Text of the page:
|Where No One Speaks English (April 2011 by M.A. Reilly)|
As a small child living in Ireland, my grandmother practiced speaking Irish, a Gaelic language, with other children secreted behind the tall hedgerow that skirted the lane where she and her family lived. Such were the times in the decades preceding the Republic’s freedom from Britain--a time when British rule still prohibited the Irish from speaking their language of home. From the Anglo-Norman Invasion of Ireland in 1169 through the subsequent centuries of conquest, colonization, and genocide--speaking Irish remained a punishable matter. Irish culture, language, and music were banned by the British through the Penal Laws and through institutions, such as the national schools. Irish Catholics were considered subhuman. Consider Cambridge historian Charles Kingsley (1860) who in a letter to his wife wrote:
I am haunted by the human chimpanzees I saw along that hundred miles of horrible country...to see white chimpanzees is dreadful; if they were black one would not see it so much, but their skins, except where tanned by exposure, are as white as out own.
Or Oxford historian James Anthony Froude who in describing the Irish wrote: "...more like squalid apes than human beings...unstable as water...only efficient military despotism...the wild Irish understand only force."
Prior to the Easter, 1916 uprising, Michael Collins, a republican leader said:
We only succeeded after we had begun to get back our Irish ways; after we had made a serious effort to speak our own language; after we had striven again to govern ourselves. We can only keep out the enemy and all other enemies by completing that task. The biggest task will be the restoration of the Irish language (quoted in Ó Fiaich 1969: 111).
More than one-hundred years after my grandmother learned to speak her language of home behind a hedgerow, I sit here in the United States, thinking of this woman I never met, of a country, I too left, and wonder about the intersections among occupation, language, and stories. What does it mean to have to leave your language, religion, and rituals behind in order to survive? What does it mean generations later, when one’s native tongue is strange sounding to the ear?
Although these matters have historical importance, they are also relevant and contemporary as situating some as Other remains with us, (in)forms our actions, and demonstrates our values and core understandings. One only needs to pop into 10-minutes of the current Republican ‘debates’ to see other being displayed. I want to suggest here though that we can (and I hope do) also look more closely at the work we do at schools and perhaps become brave enough to see our own hand at work in othering, especially for those of us who are White and middle class.
Years ago at York University, Edward Said delivered a speech in which he defined imperialism, colonialism, and empire. Said said:
As I shall be using the term--and I'm not really too interested in terminological adjustments--"imperialism" means the practice, the theory and the attitudes of a dominating metropolitan center that rules a distant territory. "Colonialism," which is almost always a consequence of imperialism, is the implanting of settlements on distant territory. As the historian Michael Doyle puts it, "Empire is a relationship, formal or informal, in which one state controls the effective political sovereignty of another political society. It can be achieved by force, by political collaboration, economic, social or cultural dependence. Imperialism is simply the process or policy of establishing or maintaining an empire.”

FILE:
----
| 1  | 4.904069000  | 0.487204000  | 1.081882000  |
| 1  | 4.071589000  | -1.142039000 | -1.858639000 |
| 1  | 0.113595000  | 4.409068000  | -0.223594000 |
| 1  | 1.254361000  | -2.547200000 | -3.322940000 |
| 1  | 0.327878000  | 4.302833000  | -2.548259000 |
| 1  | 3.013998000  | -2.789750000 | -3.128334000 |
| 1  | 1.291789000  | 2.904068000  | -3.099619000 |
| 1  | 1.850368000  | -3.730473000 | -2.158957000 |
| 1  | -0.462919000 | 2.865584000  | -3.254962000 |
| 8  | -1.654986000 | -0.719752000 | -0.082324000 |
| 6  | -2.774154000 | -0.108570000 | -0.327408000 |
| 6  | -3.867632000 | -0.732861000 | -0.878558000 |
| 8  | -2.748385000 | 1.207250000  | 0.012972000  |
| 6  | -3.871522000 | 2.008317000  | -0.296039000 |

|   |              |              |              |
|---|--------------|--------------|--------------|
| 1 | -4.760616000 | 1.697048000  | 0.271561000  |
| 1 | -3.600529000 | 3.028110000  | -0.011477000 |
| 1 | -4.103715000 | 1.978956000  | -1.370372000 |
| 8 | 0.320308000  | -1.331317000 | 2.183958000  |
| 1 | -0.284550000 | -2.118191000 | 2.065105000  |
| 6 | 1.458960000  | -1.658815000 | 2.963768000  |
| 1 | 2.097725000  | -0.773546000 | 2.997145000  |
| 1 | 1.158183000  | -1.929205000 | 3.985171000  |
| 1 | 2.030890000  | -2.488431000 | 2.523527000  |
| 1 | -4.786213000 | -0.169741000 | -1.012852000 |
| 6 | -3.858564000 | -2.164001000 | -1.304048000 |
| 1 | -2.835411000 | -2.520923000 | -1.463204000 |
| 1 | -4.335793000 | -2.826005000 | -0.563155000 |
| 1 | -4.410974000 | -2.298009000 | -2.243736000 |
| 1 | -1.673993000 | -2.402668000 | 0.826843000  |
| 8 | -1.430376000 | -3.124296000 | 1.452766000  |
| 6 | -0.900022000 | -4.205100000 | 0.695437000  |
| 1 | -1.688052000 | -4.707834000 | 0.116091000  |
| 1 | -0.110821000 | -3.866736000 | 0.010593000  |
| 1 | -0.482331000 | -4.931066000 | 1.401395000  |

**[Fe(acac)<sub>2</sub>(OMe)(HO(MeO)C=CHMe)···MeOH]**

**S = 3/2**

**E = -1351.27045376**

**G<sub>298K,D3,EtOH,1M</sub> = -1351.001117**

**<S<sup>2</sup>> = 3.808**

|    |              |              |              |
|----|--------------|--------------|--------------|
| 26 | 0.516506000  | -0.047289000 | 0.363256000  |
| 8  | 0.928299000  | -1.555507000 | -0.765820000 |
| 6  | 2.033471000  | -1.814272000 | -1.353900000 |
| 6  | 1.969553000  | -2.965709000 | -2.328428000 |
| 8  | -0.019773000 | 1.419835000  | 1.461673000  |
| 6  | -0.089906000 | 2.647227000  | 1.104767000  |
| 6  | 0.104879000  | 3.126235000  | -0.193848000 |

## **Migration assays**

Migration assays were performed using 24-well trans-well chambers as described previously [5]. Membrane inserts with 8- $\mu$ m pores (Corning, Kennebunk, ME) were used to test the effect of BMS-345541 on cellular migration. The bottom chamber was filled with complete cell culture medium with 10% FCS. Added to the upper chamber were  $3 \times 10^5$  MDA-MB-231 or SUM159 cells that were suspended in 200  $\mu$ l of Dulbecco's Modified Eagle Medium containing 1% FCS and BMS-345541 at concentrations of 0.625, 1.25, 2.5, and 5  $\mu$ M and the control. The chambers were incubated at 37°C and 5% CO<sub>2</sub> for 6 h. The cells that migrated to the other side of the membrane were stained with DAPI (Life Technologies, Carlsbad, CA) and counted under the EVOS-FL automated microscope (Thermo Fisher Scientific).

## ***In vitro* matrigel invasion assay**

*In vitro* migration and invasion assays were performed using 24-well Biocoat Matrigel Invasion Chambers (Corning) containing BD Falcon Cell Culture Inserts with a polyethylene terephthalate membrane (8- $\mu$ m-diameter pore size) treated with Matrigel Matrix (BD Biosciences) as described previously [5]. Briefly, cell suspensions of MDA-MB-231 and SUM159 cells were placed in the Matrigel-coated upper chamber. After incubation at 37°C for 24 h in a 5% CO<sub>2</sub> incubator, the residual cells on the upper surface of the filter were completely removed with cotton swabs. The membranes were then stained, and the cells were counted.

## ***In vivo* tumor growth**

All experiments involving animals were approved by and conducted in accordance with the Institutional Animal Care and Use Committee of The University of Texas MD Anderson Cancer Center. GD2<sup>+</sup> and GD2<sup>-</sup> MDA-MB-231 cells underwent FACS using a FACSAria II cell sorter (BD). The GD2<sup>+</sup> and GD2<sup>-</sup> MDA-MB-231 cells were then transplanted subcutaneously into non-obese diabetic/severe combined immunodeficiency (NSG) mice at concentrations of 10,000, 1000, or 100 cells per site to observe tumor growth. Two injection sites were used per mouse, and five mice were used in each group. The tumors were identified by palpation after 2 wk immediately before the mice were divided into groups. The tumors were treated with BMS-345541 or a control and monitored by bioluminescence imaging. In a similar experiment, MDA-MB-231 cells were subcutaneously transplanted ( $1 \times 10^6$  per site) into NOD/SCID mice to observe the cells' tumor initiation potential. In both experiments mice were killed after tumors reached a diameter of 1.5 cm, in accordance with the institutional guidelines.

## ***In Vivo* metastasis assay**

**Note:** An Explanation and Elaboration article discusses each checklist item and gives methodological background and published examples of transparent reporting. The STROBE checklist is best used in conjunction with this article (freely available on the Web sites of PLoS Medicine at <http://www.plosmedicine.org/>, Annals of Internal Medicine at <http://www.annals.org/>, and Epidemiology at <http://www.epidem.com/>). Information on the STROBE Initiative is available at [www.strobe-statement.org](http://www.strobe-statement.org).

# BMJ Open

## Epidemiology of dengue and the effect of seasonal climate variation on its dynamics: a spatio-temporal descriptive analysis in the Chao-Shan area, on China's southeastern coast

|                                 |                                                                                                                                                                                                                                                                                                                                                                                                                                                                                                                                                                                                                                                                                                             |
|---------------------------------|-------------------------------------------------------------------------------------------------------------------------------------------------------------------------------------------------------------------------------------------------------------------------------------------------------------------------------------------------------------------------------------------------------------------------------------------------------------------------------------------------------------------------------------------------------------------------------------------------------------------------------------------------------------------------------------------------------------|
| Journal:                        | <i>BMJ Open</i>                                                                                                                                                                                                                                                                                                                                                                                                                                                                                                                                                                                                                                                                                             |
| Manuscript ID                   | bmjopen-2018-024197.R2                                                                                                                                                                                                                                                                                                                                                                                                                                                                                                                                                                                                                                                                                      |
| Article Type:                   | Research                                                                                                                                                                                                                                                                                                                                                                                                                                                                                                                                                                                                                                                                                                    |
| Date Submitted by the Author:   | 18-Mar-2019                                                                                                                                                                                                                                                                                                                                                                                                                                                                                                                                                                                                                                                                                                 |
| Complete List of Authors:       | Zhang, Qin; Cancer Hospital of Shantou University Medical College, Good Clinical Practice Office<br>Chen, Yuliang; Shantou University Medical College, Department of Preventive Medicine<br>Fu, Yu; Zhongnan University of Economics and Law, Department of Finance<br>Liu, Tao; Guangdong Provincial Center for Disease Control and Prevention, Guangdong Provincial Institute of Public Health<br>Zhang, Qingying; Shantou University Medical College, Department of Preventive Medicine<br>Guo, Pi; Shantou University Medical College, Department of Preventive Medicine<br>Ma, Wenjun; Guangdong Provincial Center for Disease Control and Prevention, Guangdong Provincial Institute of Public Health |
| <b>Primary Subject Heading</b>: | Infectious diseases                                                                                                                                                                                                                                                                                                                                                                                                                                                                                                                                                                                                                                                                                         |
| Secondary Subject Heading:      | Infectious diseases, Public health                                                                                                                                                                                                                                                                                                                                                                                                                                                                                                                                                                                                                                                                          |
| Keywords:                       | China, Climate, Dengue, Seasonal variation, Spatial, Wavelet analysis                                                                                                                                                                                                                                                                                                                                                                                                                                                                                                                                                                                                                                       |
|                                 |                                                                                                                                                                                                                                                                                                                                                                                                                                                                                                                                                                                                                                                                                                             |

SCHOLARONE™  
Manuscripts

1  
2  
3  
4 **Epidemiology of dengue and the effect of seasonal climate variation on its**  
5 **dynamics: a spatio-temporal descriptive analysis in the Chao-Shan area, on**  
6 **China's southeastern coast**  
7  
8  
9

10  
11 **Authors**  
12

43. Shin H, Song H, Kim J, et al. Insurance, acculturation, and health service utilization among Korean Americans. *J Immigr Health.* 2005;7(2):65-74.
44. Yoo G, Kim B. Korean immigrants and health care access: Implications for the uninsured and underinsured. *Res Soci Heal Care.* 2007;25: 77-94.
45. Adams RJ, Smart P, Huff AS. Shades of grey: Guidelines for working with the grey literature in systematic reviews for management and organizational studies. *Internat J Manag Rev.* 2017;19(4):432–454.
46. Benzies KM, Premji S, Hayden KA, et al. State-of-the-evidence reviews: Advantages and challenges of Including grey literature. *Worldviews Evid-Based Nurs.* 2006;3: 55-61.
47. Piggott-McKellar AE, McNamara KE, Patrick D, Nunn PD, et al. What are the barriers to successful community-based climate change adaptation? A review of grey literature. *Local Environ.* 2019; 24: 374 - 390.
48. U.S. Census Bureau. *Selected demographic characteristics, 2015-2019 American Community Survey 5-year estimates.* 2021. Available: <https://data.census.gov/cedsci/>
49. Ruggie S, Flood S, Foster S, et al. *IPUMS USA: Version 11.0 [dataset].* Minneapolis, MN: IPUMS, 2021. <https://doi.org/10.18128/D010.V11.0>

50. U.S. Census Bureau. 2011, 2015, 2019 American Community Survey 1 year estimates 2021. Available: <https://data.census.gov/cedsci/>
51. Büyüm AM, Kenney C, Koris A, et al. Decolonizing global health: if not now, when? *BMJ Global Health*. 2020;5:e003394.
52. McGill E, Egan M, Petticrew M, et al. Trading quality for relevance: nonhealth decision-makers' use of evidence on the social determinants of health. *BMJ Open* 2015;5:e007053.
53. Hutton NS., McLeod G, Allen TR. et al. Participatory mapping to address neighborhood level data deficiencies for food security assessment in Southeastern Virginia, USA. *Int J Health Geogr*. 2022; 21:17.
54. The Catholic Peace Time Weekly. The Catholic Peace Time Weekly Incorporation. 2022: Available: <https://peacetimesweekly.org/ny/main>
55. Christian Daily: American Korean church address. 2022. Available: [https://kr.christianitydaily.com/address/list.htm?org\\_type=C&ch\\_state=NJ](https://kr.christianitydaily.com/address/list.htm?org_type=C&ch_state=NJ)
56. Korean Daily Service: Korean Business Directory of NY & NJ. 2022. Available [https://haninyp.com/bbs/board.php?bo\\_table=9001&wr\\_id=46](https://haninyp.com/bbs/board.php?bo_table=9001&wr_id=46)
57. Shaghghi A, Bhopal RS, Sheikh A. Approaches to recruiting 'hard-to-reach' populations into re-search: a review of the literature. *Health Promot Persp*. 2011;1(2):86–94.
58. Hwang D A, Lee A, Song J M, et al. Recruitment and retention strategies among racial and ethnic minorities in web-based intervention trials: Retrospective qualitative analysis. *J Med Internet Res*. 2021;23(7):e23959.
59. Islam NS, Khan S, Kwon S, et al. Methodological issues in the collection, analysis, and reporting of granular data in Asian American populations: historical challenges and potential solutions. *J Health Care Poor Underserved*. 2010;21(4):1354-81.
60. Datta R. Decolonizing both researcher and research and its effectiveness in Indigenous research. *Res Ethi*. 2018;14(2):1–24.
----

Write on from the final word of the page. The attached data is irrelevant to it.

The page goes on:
My grandmother lived under colonial rule. At the close of the 19th century as a child in Ireland, she was subject to British rule, an empire surely in decline, but nonetheless still a permanent force operating in her daily life. Although Empires collapse, the groups who have been privileged via the Empire often remain privileged well after the collapse, as the belief system that has set them apart and above from others is institutionalized and becomes the bearer of what ‘normal’ and ‘right’ is. I want to suggest here that much of what has informed what is ‘normal and right’ via past (and current) Empires filters into our classrooms and schools, is reflected in our definition of literacy as a singular, decontextualized matter. We see it in the text choices that fill our classrooms, the way we limit essay and narrative to ‘correct’ forms, and the belief and practice that literacies can be represented as a finalized list of skills. We operate as if there was one 'correct' discourse and those who do not have this discourse are inferior. We have not come that far from the thinking that informed Kingsley and Froude. Such thinking permeates our daily work and may be less than visible to us, depending on who we are and how we live.
As a white woman, middle class, and the mother of a child of color—white privilege is oddly noticeable, foregrounded. In this post I want to take a few minutes to situate it, reveal it in its subtle and not so subtle forms as it operates in our schools. W.E.B. Du Bois warned in 1903: “the problem of the Twentieth Century is the problem of the color-line.” In The Souls of Black Folk, Du Bois wrote:
Herein lie buried many things which if read with patience may show the strange meaning of being black here in the dawning of the Twentieth Century. This meaning is not without interest to you, Gentle Reader; for the problem of the Twentieth Century is the problem of the color-line.
In the opening chapter, Du Bois asks the critical question of the last and I want to suggest this century as well: How does it feel to be a problem? He deftly surrounds this question with the discourse we speak:
Between me and the other world there is ever an unasked question: unasked by some through feelings of delicacy; by others through the difficulty of rightly framing it. All, nevertheless, flutter round it. They approach me in a half-hesitant sort of way, eye me curiously or compassionately, and then, instead of saying directly, How does it feel to be a problem? they say, I know an excellent colored man in my town; or, I fought at Mechanicsville; or, Do not these Southern outrages make your blood boil? At these I smile, or am interested, or reduce the boiling to a simmer, as the occasion may require. To the real question, How does it feel to be a problem? I answer seldom a word.